Technically, the most brutal market corrections often result in the most aggressive reversals. If that adage is to apply to in its bid to return to $1,900 an ounce, then consider a fundamental that could further juice that technical story: stimulus.
Gold had its most crushing selloff in two months last week, losing $90 or almost 5%, after breakthroughs in COVID-19 vaccines and their potential availability before Christmas caused a run on money in safe-havens and an epic rally in stocks amid the notion that the world might soon be free of the pandemic.
Yet, this week, gold is up nearly 4%, clawing back almost $65 to hover at $1,845 by lunch hour in Asia on Friday, or about 1:30 AM ET in New York. Vaccines are still very much the narrative in markets, but something else has come along to sweep almost everything higher at once—like the proverbial tide that lifts all boats. It is renewed talk of a second US coronavirus stimulus.
After multiple roadblocks over the past six months and other twists and turns, a bipartisan group of Republican and Democrat lawmakers, fed up of the politics that have denied millions of needy Americans aid, are demanding that Congress and the Senate pass a $908 billion COVID-19 relief bill that could be distributed right away.
If those funds aren’t enough, there’s another $455 billion left over from the original $3 trillion Coronavirus Aid, Relief and Economic Security (CARES) Act approved in March, that could also be appropriated for current use, the group said. That’s almost $1.4 trillion—somewhat short of the $2 trillion the Democrats originally sought but way above the miserly $300 billion that the Republicans offered.
For stock markets already pumped up on vaccine news, renewed talk of a stimulus has been yet another reason to hit record highs. For gold, particularly, the bipartisan initiative has been a lifeline thrown at the right time to rescue it from the $1,700 abyss it was hurtling into last week.
While few may expect the yellow metal to return immediately to the all-time highs of $2,000 and above reached in August, some aren’t discounting a return to $1,900 in the near-term.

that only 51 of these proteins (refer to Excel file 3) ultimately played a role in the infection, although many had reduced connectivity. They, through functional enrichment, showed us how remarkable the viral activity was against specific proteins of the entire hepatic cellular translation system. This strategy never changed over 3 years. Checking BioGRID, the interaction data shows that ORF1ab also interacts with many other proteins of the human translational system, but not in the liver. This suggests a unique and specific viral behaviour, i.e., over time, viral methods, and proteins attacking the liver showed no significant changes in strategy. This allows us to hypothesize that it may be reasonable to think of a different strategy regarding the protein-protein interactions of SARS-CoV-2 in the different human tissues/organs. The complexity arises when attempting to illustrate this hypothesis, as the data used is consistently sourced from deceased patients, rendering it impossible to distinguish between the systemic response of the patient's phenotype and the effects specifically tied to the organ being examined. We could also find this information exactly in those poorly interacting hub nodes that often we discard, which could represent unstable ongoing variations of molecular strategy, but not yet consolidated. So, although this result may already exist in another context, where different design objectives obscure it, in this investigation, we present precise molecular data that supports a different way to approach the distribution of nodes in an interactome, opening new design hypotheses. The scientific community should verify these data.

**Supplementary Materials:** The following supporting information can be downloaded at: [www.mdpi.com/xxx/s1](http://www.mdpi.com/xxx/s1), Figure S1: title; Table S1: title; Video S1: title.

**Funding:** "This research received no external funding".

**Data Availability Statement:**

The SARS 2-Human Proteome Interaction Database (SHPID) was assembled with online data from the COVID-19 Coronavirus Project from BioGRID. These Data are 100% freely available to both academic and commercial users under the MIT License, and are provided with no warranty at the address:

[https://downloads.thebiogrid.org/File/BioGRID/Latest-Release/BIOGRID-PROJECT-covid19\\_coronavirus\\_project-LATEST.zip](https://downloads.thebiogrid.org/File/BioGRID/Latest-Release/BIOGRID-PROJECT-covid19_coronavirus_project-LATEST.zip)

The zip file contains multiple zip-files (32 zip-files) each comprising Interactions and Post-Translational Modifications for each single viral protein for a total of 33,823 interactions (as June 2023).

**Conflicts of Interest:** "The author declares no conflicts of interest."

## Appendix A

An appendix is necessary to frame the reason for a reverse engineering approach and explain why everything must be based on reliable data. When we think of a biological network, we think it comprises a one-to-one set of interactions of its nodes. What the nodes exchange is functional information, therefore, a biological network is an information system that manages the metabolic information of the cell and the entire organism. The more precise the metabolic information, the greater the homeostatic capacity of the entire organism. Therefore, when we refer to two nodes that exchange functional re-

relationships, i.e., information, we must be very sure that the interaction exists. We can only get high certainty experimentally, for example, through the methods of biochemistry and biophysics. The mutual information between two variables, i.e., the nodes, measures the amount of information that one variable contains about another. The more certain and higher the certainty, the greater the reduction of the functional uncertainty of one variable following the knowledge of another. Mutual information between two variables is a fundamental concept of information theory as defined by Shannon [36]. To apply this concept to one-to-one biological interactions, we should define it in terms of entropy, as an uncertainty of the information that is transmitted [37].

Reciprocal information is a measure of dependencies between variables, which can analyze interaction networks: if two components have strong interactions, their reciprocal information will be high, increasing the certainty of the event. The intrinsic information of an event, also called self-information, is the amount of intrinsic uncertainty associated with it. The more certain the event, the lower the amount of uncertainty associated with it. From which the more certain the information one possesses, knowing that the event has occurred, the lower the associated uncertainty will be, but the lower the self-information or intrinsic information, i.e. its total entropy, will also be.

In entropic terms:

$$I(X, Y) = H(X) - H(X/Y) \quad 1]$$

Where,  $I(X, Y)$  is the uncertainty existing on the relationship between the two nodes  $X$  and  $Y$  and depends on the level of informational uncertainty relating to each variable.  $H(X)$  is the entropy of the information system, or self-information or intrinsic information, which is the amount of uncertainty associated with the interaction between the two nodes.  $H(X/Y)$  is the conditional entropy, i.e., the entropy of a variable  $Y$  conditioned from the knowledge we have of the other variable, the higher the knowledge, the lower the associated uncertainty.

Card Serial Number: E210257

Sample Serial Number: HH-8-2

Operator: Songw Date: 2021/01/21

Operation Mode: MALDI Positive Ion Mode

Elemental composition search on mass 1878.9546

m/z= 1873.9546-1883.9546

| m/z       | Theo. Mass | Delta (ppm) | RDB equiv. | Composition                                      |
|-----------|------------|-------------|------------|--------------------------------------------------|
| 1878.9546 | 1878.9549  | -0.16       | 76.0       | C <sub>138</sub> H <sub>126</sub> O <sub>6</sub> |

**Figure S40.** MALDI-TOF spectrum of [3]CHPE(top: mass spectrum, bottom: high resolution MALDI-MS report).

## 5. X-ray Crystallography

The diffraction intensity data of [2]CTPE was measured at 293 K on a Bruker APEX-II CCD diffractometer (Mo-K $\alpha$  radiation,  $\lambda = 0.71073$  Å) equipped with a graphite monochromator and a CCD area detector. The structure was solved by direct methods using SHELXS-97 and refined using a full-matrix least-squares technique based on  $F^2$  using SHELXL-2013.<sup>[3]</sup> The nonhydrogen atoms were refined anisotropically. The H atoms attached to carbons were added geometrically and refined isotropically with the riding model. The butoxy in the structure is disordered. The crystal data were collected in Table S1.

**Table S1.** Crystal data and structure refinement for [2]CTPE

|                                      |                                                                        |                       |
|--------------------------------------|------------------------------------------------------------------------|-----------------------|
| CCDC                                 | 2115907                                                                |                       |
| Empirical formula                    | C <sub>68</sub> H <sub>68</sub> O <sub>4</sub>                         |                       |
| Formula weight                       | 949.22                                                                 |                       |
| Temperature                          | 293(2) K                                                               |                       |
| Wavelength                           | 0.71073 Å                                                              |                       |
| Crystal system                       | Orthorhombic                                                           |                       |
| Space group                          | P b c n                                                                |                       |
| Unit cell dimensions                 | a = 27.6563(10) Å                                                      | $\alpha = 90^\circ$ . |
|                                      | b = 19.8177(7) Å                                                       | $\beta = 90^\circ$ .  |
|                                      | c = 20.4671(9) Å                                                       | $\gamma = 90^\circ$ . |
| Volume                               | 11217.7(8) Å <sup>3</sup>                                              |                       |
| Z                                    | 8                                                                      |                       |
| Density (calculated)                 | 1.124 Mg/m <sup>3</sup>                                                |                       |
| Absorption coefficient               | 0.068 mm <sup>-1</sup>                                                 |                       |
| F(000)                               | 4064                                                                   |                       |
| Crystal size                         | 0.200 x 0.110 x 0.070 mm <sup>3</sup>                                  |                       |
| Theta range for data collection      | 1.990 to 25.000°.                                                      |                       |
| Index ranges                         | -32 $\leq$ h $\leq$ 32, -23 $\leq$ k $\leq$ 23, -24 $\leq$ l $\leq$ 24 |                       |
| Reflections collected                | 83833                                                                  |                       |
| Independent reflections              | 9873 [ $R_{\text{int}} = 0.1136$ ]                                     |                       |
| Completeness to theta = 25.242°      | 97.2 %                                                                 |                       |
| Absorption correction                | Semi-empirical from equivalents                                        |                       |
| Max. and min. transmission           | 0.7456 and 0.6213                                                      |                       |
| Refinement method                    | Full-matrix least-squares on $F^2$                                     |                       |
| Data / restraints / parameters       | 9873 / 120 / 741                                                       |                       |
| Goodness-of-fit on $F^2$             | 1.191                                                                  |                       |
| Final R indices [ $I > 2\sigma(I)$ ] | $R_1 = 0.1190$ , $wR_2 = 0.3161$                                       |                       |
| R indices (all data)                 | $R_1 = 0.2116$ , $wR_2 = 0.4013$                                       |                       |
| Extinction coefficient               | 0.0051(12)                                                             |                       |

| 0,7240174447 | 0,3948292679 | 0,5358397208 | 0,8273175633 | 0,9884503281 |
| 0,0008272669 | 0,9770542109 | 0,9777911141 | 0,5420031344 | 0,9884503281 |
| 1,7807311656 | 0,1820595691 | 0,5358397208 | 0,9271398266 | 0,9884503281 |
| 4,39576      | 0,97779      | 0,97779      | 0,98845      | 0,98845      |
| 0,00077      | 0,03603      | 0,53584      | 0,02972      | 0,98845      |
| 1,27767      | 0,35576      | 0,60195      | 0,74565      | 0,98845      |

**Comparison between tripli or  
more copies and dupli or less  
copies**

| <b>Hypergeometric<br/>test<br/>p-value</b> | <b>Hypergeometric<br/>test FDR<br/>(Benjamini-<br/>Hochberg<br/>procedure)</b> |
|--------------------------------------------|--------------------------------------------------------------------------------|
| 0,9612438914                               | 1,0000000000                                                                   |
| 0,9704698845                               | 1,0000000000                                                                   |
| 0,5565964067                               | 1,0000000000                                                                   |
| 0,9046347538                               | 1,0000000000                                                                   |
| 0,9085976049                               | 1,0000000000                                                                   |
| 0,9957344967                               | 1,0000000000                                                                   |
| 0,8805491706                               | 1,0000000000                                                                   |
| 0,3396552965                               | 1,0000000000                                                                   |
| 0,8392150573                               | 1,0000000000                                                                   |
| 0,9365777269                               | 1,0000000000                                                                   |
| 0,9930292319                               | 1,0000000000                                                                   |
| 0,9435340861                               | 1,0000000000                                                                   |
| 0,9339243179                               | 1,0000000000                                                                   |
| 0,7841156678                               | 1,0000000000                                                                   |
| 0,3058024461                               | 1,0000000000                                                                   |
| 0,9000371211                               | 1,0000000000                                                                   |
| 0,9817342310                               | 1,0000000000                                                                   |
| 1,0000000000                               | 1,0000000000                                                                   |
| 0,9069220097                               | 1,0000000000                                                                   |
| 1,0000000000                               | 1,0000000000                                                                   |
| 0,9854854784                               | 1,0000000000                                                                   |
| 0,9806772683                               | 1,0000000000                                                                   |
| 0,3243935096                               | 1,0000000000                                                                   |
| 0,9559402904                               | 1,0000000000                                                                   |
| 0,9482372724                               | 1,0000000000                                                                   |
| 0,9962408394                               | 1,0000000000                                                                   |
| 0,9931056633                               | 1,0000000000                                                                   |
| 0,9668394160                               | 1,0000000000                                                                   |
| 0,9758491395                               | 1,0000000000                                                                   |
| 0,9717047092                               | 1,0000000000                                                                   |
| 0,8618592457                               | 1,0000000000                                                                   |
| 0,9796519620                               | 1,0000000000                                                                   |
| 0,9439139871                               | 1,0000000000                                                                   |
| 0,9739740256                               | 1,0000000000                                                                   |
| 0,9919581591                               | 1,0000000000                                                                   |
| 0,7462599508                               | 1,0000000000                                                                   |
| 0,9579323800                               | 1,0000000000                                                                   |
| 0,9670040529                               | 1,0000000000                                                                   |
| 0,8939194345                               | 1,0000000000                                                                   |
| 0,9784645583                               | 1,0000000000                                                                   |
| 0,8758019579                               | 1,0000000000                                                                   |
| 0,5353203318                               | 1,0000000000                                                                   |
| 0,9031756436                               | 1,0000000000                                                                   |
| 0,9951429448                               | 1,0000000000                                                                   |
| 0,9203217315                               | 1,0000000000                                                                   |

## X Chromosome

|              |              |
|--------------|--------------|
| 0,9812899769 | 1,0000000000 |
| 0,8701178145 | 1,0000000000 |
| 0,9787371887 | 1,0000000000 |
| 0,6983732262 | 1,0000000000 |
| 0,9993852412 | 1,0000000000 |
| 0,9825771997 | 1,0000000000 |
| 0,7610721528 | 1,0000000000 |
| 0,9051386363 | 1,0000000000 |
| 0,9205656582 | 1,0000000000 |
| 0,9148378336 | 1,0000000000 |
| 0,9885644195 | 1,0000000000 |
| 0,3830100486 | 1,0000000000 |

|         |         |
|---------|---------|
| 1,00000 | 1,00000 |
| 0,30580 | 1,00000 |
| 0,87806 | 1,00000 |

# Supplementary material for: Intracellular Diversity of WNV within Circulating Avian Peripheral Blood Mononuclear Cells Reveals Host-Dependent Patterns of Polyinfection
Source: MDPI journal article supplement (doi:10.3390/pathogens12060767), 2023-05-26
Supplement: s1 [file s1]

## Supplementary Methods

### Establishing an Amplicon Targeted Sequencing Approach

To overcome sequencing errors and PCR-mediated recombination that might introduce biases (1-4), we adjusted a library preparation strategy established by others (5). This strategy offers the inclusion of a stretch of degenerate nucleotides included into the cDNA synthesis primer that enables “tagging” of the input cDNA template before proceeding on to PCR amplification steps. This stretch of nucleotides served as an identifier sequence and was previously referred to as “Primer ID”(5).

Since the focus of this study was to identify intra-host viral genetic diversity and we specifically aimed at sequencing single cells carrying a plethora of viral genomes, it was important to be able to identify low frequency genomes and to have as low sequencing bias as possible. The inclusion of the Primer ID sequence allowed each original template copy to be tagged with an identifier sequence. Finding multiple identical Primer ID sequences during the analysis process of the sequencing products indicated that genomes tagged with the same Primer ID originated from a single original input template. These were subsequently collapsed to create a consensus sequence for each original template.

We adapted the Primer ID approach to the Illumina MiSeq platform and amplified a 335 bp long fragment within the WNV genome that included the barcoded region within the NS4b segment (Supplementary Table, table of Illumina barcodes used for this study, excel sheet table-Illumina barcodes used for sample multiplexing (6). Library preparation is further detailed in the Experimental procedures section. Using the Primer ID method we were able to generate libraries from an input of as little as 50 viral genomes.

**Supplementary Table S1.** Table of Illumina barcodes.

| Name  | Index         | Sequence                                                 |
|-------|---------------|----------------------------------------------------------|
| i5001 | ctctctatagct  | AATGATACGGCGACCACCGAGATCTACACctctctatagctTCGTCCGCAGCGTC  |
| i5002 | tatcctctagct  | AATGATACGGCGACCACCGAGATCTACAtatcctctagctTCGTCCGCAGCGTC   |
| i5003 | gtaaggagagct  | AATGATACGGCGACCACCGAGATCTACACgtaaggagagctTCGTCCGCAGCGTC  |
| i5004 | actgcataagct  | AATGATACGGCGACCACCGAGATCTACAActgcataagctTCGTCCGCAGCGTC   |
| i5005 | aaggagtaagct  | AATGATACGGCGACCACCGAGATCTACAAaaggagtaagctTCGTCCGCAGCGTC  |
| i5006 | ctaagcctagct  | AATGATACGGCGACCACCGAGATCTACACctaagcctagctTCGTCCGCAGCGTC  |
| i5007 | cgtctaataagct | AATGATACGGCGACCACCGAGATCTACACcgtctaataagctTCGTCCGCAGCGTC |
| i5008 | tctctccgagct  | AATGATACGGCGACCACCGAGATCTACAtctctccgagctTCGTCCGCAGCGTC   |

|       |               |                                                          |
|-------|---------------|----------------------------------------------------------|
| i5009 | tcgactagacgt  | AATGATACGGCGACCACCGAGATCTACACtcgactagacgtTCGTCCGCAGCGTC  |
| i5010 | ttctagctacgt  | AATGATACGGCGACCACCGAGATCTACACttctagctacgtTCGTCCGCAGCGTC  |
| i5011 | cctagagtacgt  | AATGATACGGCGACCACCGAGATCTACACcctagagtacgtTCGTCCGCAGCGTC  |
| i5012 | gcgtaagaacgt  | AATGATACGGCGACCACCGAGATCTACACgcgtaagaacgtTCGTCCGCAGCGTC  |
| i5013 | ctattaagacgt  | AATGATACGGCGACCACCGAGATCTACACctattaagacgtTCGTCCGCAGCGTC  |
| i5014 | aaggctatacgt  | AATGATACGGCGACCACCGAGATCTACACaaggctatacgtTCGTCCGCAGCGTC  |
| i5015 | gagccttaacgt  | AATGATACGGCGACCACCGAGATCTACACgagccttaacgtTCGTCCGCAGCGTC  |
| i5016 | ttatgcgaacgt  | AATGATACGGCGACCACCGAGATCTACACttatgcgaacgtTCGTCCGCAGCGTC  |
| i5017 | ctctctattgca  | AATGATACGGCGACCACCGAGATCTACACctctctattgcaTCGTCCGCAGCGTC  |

The good news is, numerically, that target isn’t very far away—just slightly more than $50 from where gold stood at in Friday’s Asian trading.
Charts courtesy of SK Dixit Charting
Technically though, the path to $1,900 is fraught with various hurdles, says Sunil Kumar Dixit of SK Dixit Charting in Kolkata, India. In an email to Investing.com on Friday, Dixit broke down the passage that lay ahead for the shiny metal:
“Gold’s body language shows its willingness to cross to the right side of $1,900, but at the same time, technical factors call for caution.”
“As expected, the precious metal is facing stiff resistance at $1,848 and Stochastic RSI (Relative Strength Indicator) negativity can cause some intraday correction to $1,830-$1,818. Buyers may come in at the test of $1,818-$1,820 areas and a consolidation may help gold to rally again, breaching $1,848 and reaching out to $1,866-$1,870.”
In short, the current upside has limited movement, said Dixit, adding:
“Whether gold will be able to reclaim its $1,968 critical barrier will be determined by the $1,915-$1,920 range.”
Anil Panchal, a gold chartist who blogs on FX Live, said technicals were immediately in the yellow metal’s favor for a test of $1,850 first:
“Having successfully cleared $1,841 confluence, comprising the Fibonacci 38.2% one-month and the Simple Moving Average of 5-15 minutes, gold buyers are well set to challenge the middle Bollinger on the daily chart and Pivot Point one-week Resistance 1 around $1,851.”
Panchal says the Technical Confluences Indicator he used also suggested $1,851 as a key upside hurdle for gold.
“Should the metal cross $1,851, Pivot Point one-week Resistance 1 around $1,857 can offer an intermediate halt before October’s low near $1,860.”
On the flip side, he warned that a downside break of $1,841 may bring a wave of sellers looking for a quick buck—first at $1,839 and then at $1,835.
Investing.com’s own Daily Technical Indicator shows that gold has turned into a “Buy” from “Strong Sell” a week ago. Fibonacci resistance emerges first at $1,846.31, then at $1,851.19 and later at $1,859.10, our models show.
Should the trend turn bearish, then gold will likely find Fibonacci support first at $1,830.49, then at $1,825.61, before full-scale buying emerges at $1,817.70.
The pivot point between these ranges is $1,838.40.
As with all projections, we urge you to follow the calls, but temper them with fundamentals—and moderation—whenever possible.
Disclaimer: Barani Krishnan uses a range of views outside his own to bring diversity to his analysis of any market. He does not own or hold a position in the commodities or securities he writes about.